The United States worried by China’s maritime ambitions in East Africa.
Tanzania To Revive China-Funded Port Project, Worries The US
DODOMA, Tanzania — Tanzania’s decision to resuscitate a $10-billion port project in Bagamoyo has set off suspicions that China, the port’s main financier, is seeking a foothold on the East African coast.
The port was to replace the old and inefficient Dar es Salaam port.
Last week, Tanzania President Samia Suluhu Hassan announced that Tanzania would resume the port project, which had been stopped due to concerns regarding the demands about the usage of the facility.
“We are going to start talks with the investors that came for the project with the aim of opening it for the benefit of our nation,” Hassan said.
Multiple reports suggest that the port could be used for purposes that go beyond commercial needs.
“For China, East Africa provides a more accessible entry point to the Indian Ocean than other locations closer to the Strait of Malacca,” said Darshana M. Baruah, a researcher at the Carnegie Endowment for International Peace.
“China has been looking at the Indian Ocean more cohesively than I think most other nations have been doing,” Baruah said.
“Any effort to build a facility or a port in the eastern Indian Ocean, whether it is Myanmar, Sri Lanka, Maldives, or Pakistan, I think would have more of a reaction, or a pushback, than I think in Africa. So many nations forget to connect it, but Africa is still a part of the Indian Ocean region.”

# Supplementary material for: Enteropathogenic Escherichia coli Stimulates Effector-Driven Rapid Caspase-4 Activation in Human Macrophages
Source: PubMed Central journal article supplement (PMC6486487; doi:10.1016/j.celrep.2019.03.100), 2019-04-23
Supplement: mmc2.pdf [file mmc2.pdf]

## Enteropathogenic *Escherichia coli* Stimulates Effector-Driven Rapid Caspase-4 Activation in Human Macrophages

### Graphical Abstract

Indian Ocean expert Baruah said that a second naval base in the Indian Ocean, following Djibouti, would help with China’s “Malacca Dilemma”— one that hinges on the world’s busiest chokepoint.
“Even if something were to happen within the Malacca Strait, if they would have two bases or more facilities in the Indian Ocean, they can continue their operations in the Indian Ocean region,” Baruah said.
Securing a foothold in East Africa would also allow China to prepare for contingencies such as the blockage of the Suez Canal, as was seen earlier this year.
General Stephen J. Townsend, commander of the United States Africa Command, on June 29, 2012, warned African countries to be clear-eyed about engaging with China.
“These countries ought to just go into these relationships with their eyes wide open,” he said at an event hosted by the think tank Center for Strategic and International Studies.
“I think that it’s possible to do business with China, but you better be on your game and have your eyes and ears open,” he said.
“China is bringing a lot of investment to the continent, and I would just urge our African partners: try to take advantage of that without getting taken advantage of.”
Speaking at the event, Vice Admiral Herve Blejean, director-general of the European Union military staff, warned of China’s so-called “debt-trap diplomacy.”
“China is tailoring its support to each country, answering their expressed needs immediately, but by doing that also trapping them in their net and establishing bonds for life that they would be unable to pay back.”
Blejean said there is a possibility that the world wakes up one day to find that “most of the resources of Africa, legally, belong to China.”
“That should be a real concern.”
(With inputs from ANI)
(Edited by Amrita Das and Kipchumba Some. Map by Urvashi Makwana)